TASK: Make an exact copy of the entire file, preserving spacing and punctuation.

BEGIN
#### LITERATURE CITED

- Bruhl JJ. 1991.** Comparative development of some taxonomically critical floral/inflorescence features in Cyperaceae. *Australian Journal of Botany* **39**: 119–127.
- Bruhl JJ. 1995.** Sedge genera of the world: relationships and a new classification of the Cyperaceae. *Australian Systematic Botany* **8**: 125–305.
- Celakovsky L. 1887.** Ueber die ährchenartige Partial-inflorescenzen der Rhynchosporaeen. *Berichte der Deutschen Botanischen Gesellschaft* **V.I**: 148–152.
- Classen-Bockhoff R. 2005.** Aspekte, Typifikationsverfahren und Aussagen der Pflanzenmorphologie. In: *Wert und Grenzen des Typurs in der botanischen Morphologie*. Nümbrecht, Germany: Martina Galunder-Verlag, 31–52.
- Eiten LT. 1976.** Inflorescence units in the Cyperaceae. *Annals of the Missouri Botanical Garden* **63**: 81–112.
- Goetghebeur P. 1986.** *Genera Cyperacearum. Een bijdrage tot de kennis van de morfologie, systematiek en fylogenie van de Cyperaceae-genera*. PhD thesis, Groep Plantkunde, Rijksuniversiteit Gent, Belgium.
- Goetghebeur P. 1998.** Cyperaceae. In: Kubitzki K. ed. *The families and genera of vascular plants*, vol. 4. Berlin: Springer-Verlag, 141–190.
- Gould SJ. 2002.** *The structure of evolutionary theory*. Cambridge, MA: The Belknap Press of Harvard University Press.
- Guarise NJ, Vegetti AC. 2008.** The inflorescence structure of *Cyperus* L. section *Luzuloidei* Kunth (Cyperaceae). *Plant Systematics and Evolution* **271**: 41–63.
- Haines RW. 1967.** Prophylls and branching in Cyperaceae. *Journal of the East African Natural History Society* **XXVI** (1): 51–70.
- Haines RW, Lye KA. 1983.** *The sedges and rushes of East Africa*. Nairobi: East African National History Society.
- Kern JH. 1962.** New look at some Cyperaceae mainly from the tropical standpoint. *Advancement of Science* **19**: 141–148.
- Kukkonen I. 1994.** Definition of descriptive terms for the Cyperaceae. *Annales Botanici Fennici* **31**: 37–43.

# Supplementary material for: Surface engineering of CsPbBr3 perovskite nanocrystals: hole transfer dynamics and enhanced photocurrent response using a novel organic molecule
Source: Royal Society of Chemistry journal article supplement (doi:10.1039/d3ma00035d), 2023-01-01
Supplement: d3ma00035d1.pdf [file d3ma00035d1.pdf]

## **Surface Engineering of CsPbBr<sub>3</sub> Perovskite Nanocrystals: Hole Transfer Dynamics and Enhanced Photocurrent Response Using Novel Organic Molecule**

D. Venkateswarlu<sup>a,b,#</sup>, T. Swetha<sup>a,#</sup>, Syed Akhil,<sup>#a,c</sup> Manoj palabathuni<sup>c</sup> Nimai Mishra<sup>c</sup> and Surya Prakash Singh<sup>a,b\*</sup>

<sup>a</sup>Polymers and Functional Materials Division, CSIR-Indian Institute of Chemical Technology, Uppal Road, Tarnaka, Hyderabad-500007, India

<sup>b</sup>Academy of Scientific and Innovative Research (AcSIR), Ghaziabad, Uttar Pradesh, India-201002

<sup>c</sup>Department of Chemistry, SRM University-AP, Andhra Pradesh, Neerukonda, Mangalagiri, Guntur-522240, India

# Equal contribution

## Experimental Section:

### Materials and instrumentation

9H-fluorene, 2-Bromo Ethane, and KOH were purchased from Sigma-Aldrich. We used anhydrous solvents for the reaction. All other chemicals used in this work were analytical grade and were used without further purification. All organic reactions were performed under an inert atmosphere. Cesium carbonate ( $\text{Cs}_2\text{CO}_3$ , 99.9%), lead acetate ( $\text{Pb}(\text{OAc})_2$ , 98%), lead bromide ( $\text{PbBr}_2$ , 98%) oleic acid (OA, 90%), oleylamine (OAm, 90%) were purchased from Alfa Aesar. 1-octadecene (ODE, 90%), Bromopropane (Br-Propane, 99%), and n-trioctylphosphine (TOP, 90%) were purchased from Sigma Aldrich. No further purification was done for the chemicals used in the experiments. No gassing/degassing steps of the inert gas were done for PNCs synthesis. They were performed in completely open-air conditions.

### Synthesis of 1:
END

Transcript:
#### LITERATURE CITED

- Bruhl JJ. 1991.** Comparative development of some taxonomically critical floral/inflorescence features in Cyperaceae. *Australian Journal of Botany* **39**: 119–127.
- Bruhl JJ. 1995.** Sedge genera of the world: relationships and a new classification of the Cyperaceae. *Australian Systematic Botany* **8**: 125–305.
- Celakovsky L. 1887.** Ueber die ährchenartige Partial-inflorescenzen der Rhynchosporaeen. *Berichte der Deutschen Botanischen Gesellschaft* **V.I**: 148–152.
- Classen-Bockhoff R. 2005.** Aspekte, Typifikationsverfahren und Aussagen der Pflanzenmorphologie. In: *Wert und Grenzen des Typurs in der botanischen Morphologie*. Nümbrecht, Germany: Martina Galunder-Verlag, 31–52.
- Eiten LT. 1976.** Inflorescence units in the Cyperaceae. *Annals of the Missouri Botanical Garden* **63**: 81–112.
- Goetghebeur P. 1986.** *Genera Cyperacearum. Een bijdrage tot de kennis van de morfologie, systematiek en fylogenie van de Cyperaceae-genera*. PhD thesis, Groep Plantkunde, Rijksuniversiteit Gent, Belgium.
- Goetghebeur P. 1998.** Cyperaceae. In: Kubitzki K. ed. *The families and genera of vascular plants*, vol. 4. Berlin: Springer-Verlag, 141–190.
- Gould SJ. 2002.** *The structure of evolutionary theory*. Cambridge, MA: The Belknap Press of Harvard University Press.
- Guarise NJ, Vegetti AC. 2008.** The inflorescence structure of *Cyperus* L. section *Luzuloidei* Kunth (Cyperaceae). *Plant Systematics and Evolution* **271**: 41–63.
- Haines RW. 1967.** Prophylls and branching in Cyperaceae. *Journal of the East African Natural History Society* **XXVI** (1): 51–70.
- Haines RW, Lye KA. 1983.** *The sedges and rushes of East Africa*. Nairobi: East African National History Society.
- Kern JH. 1962.** New look at some Cyperaceae mainly from the tropical standpoint. *Advancement of Science* **19**: 141–148.
- Kukkonen I. 1994.** Definition of descriptive terms for the Cyperaceae. *Annales Botanici Fennici* **31**: 37–43.

# Supplementary material for: Surface engineering of CsPbBr3 perovskite nanocrystals: hole transfer dynamics and enhanced photocurrent response using a novel organic molecule
Source: Royal Society of Chemistry journal article supplement (doi:10.1039/d3ma00035d), 2023-01-01
Supplement: d3ma00035d1.pdf [file d3ma00035d1.pdf]

## **Surface Engineering of CsPbBr<sub>3</sub> Perovskite Nanocrystals: Hole Transfer Dynamics and Enhanced Photocurrent Response Using Novel Organic Molecule**

D. Venkateswarlu<sup>a,b,#</sup>, T. Swetha<sup>a,#</sup>, Syed Akhil,<sup>#a,c</sup> Manoj palabathuni<sup>c</sup> Nimai Mishra<sup>c</sup> and Surya Prakash Singh<sup>a,b\*</sup>

<sup>a</sup>Polymers and Functional Materials Division, CSIR-Indian Institute of Chemical Technology, Uppal Road, Tarnaka, Hyderabad-500007, India

<sup>b</sup>Academy of Scientific and Innovative Research (AcSIR), Ghaziabad, Uttar Pradesh, India-201002

<sup>c</sup>Department of Chemistry, SRM University-AP, Andhra Pradesh, Neerukonda, Mangalagiri, Guntur-522240, India

# Equal contribution

## Experimental Section:

### Materials and instrumentation

9H-fluorene, 2-Bromo Ethane, and KOH were purchased from Sigma-Aldrich. We used anhydrous solvents for the reaction. All other chemicals used in this work were analytical grade and were used without further purification. All organic reactions were performed under an inert atmosphere. Cesium carbonate ( $\text{Cs}_2\text{CO}_3$ , 99.9%), lead acetate ( $\text{Pb}(\text{OAc})_2$ , 98%), lead bromide ( $\text{PbBr}_2$ , 98%) oleic acid (OA, 90%), oleylamine (OAm, 90%) were purchased from Alfa Aesar. 1-octadecene (ODE, 90%), Bromopropane (Br-Propane, 99%), and n-trioctylphosphine (TOP, 90%) were purchased from Sigma Aldrich. No further purification was done for the chemicals used in the experiments. No gassing/degassing steps of the inert gas were done for PNCs synthesis. They were performed in completely open-air conditions.

### Synthesis of 1: